Primary Sclerosing Cholangitis


Article Author:
Prashanth Rawla


Article Editor:
Hrishikesh Samant


Editors In Chief:
Hela Kchir
Joseph Lee
Savio John


Managing Editors:
Avais Raja
Orawan Chaigasame
Khalid Alsayouri
Kyle Blair
Radia Jamil
Erin Hughes
Patrick Le
Anoosh Zafar Gondal
Saad Nazir
William Gossman
Hassam Zulfiqar
Navid Mahabadi
Hussain Sajjad
Steve Bhimji
Muhammad Hashmi
John Shell
Matthew Varacallo
Heba Mahdy
Ahmad Malik
Abbey Smiley
Sarosh Vaqar
Mark Pellegrini
James Hughes
Beenish Sohail
Hajira Basit
Phillip Hynes
Sandeep Sekhon


Updated:
6/26/2019 1:20:42 PM

Introduction

Primary sclerosing cholangitis (PSC) is a chronic and progressive cholestatic liver disorder of unknown etiology. Inflammation, fibrosis, and stricturing of intrahepatic and/or extrahepatic biliary ducts characterize PSC.[1] PSC is usually a progressive disorder that leads to complications of cholestasis and liver failure. Median survival from time of diagnosis to death without liver transplantation is around 10 years.[2]

Established subtypes of PSC are[3]:

  1. Classic: Affects small and large bile ducts
  2. Small-duct: Affects only small bile ducts
  3. Associated with autoimmune hepatitis: Affects small and large bile ducts

Etiology

Healthcare professionals do not fully understand the etiology of PSC; however, they attribute genetic and environmental factors to its development.[3] Inflammatory bowel disease (IBD) is considered to be a significant risk factor for the development of PSC.[4] About 60% to 80% of patients with PSC have IBD (predominantly Ulcerative colitis in about 80% and Crohn disease in 20%), and about 5% to 10% of patients with ulcerative colitis have coexisting PSC.[5]

Epidemiology

The incidence rates for PSC range from 0 to 1.3 per 100,000 inhabitants/year and prevalence rates are 0 to 16.2 per 100,000 inhabitants.[6] Incidence and prevalence of PSC are high in North America and Northern Europe when compared to Asia. Patients are diagnosed between the ages of 30 and 40 years. The median age at the diagnosis of PSC was 41 years. PSC is more common in men (65% to 70%), and males have a 2-fold increased risk of developing PSC when compared to females.[7] The relative risk of PSC among siblings with the disease is 9 to 39 times higher when compared as the risk in the general population.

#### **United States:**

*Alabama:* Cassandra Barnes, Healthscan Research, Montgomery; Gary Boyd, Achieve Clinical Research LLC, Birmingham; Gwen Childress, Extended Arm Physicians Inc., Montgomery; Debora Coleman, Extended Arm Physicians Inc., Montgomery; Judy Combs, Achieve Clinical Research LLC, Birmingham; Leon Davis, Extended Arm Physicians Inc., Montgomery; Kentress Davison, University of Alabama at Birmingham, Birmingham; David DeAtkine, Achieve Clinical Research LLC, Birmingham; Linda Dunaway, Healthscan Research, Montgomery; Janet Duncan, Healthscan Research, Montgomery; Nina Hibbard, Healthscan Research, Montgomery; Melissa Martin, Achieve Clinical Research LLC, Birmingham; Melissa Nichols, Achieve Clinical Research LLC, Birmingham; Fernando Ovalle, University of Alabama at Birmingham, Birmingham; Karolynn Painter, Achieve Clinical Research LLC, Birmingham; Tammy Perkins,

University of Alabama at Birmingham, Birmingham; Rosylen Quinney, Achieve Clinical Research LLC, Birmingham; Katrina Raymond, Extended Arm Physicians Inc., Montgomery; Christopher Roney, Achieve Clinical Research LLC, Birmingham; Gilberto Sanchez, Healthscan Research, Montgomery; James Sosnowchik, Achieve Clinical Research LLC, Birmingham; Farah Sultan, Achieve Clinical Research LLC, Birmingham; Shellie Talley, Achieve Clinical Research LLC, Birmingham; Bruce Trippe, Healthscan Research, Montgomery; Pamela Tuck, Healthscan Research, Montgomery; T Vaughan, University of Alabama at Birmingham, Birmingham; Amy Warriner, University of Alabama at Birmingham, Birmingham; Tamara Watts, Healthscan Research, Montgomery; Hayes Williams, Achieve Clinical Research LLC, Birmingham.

Pathophysiology

PSC is characterized by inflammation, fibrosis, and cholestasis. Hereditary and environmental factors play a role in the pathogenesis of primary sclerosing cholangitis. Healthcare researchers hypothesize that after exposure to an unidentified environmental source, persistent injury of the cells lining the bile ducts (cholangiocytes) occurs via several genetically predisposed pathways.[8] A large cohort genome-wide association study showed a strong association with human leukocyte antigen (HLA).[9] PSC is strongly associated with HLA class I, II, and III regions (i.e., HLA-B*08, HLA-DRB1 alleles, and a locus near NOTCH4, respectively).[8] Inflammation and fibrosis lead to cholestasis and parenchymal injury. Biliary obstruction might facilitate cholangitis.[10] Biliary scarring leads to portal hypertension which causes venous compression in the portal triads.

PSC is a premalignant disease as 10% to 20% of patients with PSC develop cholangiocarcinoma. PSC induced cholangiocarcinoma is thought to be inflammation-induced cancer contributed by the toxic environment of bile which acts as a cofactor in accelerating the carcinogenesis. Genetic and immune factors may play an important role.

Histopathology

Progressive fibrosis around intrahepatic bile ducts leads to concentric and circumferential laminations called as "onion skin" fibrosis. This leads to the displacement of the pre-biliary capillary plexi and creates a barrier to oxygenation and maintenance of cholehepatic countercurrent circulation between the artery and the bile duct. Arterial or capillary ischemia is involved in the pathogenesis of stricturing and circumferential pre-biliary fibrosis. Secretion of chemokines and cytokines by innate immune cells and inflammatory and fibrotic response to toxic bile leaking between inured cholangiocytes leads to periductal fibrosis.[11]

History and Physical

About 50% of the patients with PSC are asymptomatic on presentation, and they are diagnosed after abnormal liver function tests are found when tested for other reasons. Most patients complain of right upper quadrant abdominal pain (in 20%), pruritus (in 10%) (which might be episodic), fatigue and jaundice (in 6%). Pruritus can be extremely disabling, leading to severe excoriations, and a decreased quality of life. Weight loss may also be reported at presentation. Late symptoms or symptoms of advanced liver disease include jaundice, gastrointestinal (GI) bleeding, ascites, and confusion.